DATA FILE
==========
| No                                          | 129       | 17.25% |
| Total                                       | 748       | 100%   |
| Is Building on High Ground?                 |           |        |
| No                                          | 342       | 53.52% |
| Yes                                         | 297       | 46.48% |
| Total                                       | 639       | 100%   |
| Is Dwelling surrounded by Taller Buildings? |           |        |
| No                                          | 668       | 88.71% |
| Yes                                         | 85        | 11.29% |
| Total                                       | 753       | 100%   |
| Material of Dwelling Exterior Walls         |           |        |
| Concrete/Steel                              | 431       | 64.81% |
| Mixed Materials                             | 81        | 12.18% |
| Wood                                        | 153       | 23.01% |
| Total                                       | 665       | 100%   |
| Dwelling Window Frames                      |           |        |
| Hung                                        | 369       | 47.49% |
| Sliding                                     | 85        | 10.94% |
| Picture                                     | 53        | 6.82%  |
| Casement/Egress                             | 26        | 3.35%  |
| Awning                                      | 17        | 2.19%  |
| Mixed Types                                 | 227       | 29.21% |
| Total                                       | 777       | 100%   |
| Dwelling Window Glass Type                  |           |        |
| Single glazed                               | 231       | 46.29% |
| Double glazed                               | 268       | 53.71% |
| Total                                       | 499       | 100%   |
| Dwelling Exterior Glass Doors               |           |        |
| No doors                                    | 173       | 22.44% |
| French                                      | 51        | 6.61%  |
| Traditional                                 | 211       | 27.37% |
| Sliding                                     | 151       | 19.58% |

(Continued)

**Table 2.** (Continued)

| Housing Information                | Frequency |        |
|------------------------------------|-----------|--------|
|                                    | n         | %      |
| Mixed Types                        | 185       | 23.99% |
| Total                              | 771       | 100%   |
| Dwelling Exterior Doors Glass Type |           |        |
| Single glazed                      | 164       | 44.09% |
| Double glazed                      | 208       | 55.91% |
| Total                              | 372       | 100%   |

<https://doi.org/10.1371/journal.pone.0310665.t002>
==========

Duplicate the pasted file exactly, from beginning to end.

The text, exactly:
| No                                          | 129       | 17.25% |
| Total                                       | 748       | 100%   |
| Is Building on High Ground?                 |           |        |
| No                                          | 342       | 53.52% |
| Yes                                         | 297       | 46.48% |
| Total                                       | 639       | 100%   |
| Is Dwelling surrounded by Taller Buildings? |           |        |
| No                                          | 668       | 88.71% |
| Yes                                         | 85        | 11.29% |
| Total                                       | 753       | 100%   |
| Material of Dwelling Exterior Walls         |           |        |
| Concrete/Steel                              | 431       | 64.81% |
| Mixed Materials                             | 81        | 12.18% |
| Wood                                        | 153       | 23.01% |
| Total                                       | 665       | 100%   |
| Dwelling Window Frames                      |           |        |
| Hung                                        | 369       | 47.49% |
| Sliding                                     | 85        | 10.94% |
| Picture                                     | 53        | 6.82%  |
| Casement/Egress                             | 26        | 3.35%  |
| Awning                                      | 17        | 2.19%  |
| Mixed Types                                 | 227       | 29.21% |
| Total                                       | 777       | 100%   |
| Dwelling Window Glass Type                  |           |        |
| Single glazed                               | 231       | 46.29% |
| Double glazed                               | 268       | 53.71% |
| Total                                       | 499       | 100%   |
| Dwelling Exterior Glass Doors               |           |        |
| No doors                                    | 173       | 22.44% |
| French                                      | 51        | 6.61%  |
| Traditional                                 | 211       | 27.37% |
| Sliding                                     | 151       | 19.58% |

(Continued)

**Table 2.** (Continued)

| Housing Information                | Frequency |        |
|------------------------------------|-----------|--------|
|                                    | n         | %      |
| Mixed Types                        | 185       | 23.99% |
| Total                              | 771       | 100%   |
| Dwelling Exterior Doors Glass Type |           |        |
| Single glazed                      | 164       | 44.09% |
| Double glazed                      | 208       | 55.91% |
| Total                              | 372       | 100%   |

<https://doi.org/10.1371/journal.pone.0310665.t002>